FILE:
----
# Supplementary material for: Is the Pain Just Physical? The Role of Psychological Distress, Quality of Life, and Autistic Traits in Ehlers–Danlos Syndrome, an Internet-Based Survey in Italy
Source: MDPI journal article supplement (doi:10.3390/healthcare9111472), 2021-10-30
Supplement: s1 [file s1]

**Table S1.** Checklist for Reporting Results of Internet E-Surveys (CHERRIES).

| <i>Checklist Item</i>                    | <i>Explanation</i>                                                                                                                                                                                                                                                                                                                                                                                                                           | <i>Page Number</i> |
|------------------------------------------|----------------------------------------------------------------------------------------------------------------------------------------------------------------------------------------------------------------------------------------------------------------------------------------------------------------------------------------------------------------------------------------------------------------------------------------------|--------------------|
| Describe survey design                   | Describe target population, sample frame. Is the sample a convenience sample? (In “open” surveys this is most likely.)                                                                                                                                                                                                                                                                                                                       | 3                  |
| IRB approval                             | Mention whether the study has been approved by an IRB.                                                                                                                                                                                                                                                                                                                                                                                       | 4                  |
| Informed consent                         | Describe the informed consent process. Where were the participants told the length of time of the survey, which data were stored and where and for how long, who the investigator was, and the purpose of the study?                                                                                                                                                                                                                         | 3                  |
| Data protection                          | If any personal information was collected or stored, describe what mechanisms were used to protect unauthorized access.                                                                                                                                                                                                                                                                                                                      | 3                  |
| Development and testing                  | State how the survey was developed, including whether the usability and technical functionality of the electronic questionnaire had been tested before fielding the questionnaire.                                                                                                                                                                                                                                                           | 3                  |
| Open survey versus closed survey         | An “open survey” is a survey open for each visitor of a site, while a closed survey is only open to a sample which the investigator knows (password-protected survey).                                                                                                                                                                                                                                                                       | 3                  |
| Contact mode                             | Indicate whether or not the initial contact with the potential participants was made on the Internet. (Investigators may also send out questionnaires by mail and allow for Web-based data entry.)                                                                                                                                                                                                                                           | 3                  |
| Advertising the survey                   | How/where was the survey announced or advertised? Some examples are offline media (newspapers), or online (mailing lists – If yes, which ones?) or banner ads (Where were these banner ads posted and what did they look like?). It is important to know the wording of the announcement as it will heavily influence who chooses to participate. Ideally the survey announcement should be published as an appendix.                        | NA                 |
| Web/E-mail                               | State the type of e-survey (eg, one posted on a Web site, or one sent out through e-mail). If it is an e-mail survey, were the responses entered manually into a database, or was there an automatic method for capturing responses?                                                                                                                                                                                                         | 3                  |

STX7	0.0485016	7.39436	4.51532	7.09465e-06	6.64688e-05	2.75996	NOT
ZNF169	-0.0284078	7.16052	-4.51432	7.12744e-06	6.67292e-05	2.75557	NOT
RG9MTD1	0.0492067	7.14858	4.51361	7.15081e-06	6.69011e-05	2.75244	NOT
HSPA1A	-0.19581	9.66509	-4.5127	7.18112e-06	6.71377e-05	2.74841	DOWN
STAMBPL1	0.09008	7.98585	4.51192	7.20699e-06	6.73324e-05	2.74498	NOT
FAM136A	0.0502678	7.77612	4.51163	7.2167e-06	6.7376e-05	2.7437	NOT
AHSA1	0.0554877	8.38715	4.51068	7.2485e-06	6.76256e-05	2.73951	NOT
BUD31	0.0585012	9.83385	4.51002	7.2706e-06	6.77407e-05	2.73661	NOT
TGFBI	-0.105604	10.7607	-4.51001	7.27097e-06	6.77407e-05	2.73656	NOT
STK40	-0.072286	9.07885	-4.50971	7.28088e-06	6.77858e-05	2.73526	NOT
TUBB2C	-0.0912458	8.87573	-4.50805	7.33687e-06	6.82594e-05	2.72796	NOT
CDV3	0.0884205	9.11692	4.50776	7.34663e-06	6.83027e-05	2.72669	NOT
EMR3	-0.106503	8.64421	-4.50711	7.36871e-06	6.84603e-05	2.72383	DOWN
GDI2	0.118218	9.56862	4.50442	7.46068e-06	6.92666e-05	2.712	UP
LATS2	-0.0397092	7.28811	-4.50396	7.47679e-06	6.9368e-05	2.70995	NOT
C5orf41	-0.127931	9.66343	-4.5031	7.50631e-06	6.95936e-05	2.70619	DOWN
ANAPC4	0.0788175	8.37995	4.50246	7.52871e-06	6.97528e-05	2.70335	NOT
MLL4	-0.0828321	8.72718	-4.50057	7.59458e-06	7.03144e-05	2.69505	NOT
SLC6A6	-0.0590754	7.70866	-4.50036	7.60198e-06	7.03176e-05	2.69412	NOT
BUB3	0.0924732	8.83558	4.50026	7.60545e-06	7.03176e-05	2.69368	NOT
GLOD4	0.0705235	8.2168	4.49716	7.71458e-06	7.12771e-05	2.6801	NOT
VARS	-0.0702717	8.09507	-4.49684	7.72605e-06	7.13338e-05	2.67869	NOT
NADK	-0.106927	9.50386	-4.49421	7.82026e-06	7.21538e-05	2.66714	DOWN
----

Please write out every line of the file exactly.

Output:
# Supplementary material for: Is the Pain Just Physical? The Role of Psychological Distress, Quality of Life, and Autistic Traits in Ehlers–Danlos Syndrome, an Internet-Based Survey in Italy
Source: MDPI journal article supplement (doi:10.3390/healthcare9111472), 2021-10-30
Supplement: s1 [file s1]

**Table S1.** Checklist for Reporting Results of Internet E-Surveys (CHERRIES).

| <i>Checklist Item</i>                    | <i>Explanation</i>                                                                                                                                                                                                                                                                                                                                                                                                                           | <i>Page Number</i> |
|------------------------------------------|----------------------------------------------------------------------------------------------------------------------------------------------------------------------------------------------------------------------------------------------------------------------------------------------------------------------------------------------------------------------------------------------------------------------------------------------|--------------------|
| Describe survey design                   | Describe target population, sample frame. Is the sample a convenience sample? (In “open” surveys this is most likely.)                                                                                                                                                                                                                                                                                                                       | 3                  |
| IRB approval                             | Mention whether the study has been approved by an IRB.                                                                                                                                                                                                                                                                                                                                                                                       | 4                  |
| Informed consent                         | Describe the informed consent process. Where were the participants told the length of time of the survey, which data were stored and where and for how long, who the investigator was, and the purpose of the study?                                                                                                                                                                                                                         | 3                  |
| Data protection                          | If any personal information was collected or stored, describe what mechanisms were used to protect unauthorized access.                                                                                                                                                                                                                                                                                                                      | 3                  |
| Development and testing                  | State how the survey was developed, including whether the usability and technical functionality of the electronic questionnaire had been tested before fielding the questionnaire.                                                                                                                                                                                                                                                           | 3                  |
| Open survey versus closed survey         | An “open survey” is a survey open for each visitor of a site, while a closed survey is only open to a sample which the investigator knows (password-protected survey).                                                                                                                                                                                                                                                                       | 3                  |
| Contact mode                             | Indicate whether or not the initial contact with the potential participants was made on the Internet. (Investigators may also send out questionnaires by mail and allow for Web-based data entry.)                                                                                                                                                                                                                                           | 3                  |
| Advertising the survey                   | How/where was the survey announced or advertised? Some examples are offline media (newspapers), or online (mailing lists – If yes, which ones?) or banner ads (Where were these banner ads posted and what did they look like?). It is important to know the wording of the announcement as it will heavily influence who chooses to participate. Ideally the survey announcement should be published as an appendix.                        | NA                 |
| Web/E-mail                               | State the type of e-survey (eg, one posted on a Web site, or one sent out through e-mail). If it is an e-mail survey, were the responses entered manually into a database, or was there an automatic method for capturing responses?                                                                                                                                                                                                         | 3                  |

STX7	0.0485016	7.39436	4.51532	7.09465e-06	6.64688e-05	2.75996	NOT
ZNF169	-0.0284078	7.16052	-4.51432	7.12744e-06	6.67292e-05	2.75557	NOT
RG9MTD1	0.0492067	7.14858	4.51361	7.15081e-06	6.69011e-05	2.75244	NOT
HSPA1A	-0.19581	9.66509	-4.5127	7.18112e-06	6.71377e-05	2.74841	DOWN
STAMBPL1	0.09008	7.98585	4.51192	7.20699e-06	6.73324e-05	2.74498	NOT
FAM136A	0.0502678	7.77612	4.51163	7.2167e-06	6.7376e-05	2.7437	NOT
AHSA1	0.0554877	8.38715	4.51068	7.2485e-06	6.76256e-05	2.73951	NOT
BUD31	0.0585012	9.83385	4.51002	7.2706e-06	6.77407e-05	2.73661	NOT
TGFBI	-0.105604	10.7607	-4.51001	7.27097e-06	6.77407e-05	2.73656	NOT
STK40	-0.072286	9.07885	-4.50971	7.28088e-06	6.77858e-05	2.73526	NOT
TUBB2C	-0.0912458	8.87573	-4.50805	7.33687e-06	6.82594e-05	2.72796	NOT
CDV3	0.0884205	9.11692	4.50776	7.34663e-06	6.83027e-05	2.72669	NOT
EMR3	-0.106503	8.64421	-4.50711	7.36871e-06	6.84603e-05	2.72383	DOWN
GDI2	0.118218	9.56862	4.50442	7.46068e-06	6.92666e-05	2.712	UP
LATS2	-0.0397092	7.28811	-4.50396	7.47679e-06	6.9368e-05	2.70995	NOT
C5orf41	-0.127931	9.66343	-4.5031	7.50631e-06	6.95936e-05	2.70619	DOWN
ANAPC4	0.0788175	8.37995	4.50246	7.52871e-06	6.97528e-05	2.70335	NOT
MLL4	-0.0828321	8.72718	-4.50057	7.59458e-06	7.03144e-05	2.69505	NOT
SLC6A6	-0.0590754	7.70866	-4.50036	7.60198e-06	7.03176e-05	2.69412	NOT
BUB3	0.0924732	8.83558	4.50026	7.60545e-06	7.03176e-05	2.69368	NOT
GLOD4	0.0705235	8.2168	4.49716	7.71458e-06	7.12771e-05	2.6801	NOT
VARS	-0.0702717	8.09507	-4.49684	7.72605e-06	7.13338e-05	2.67869	NOT
NADK	-0.106927	9.50386	-4.49421	7.82026e-06	7.21538e-05	2.66714	DOWN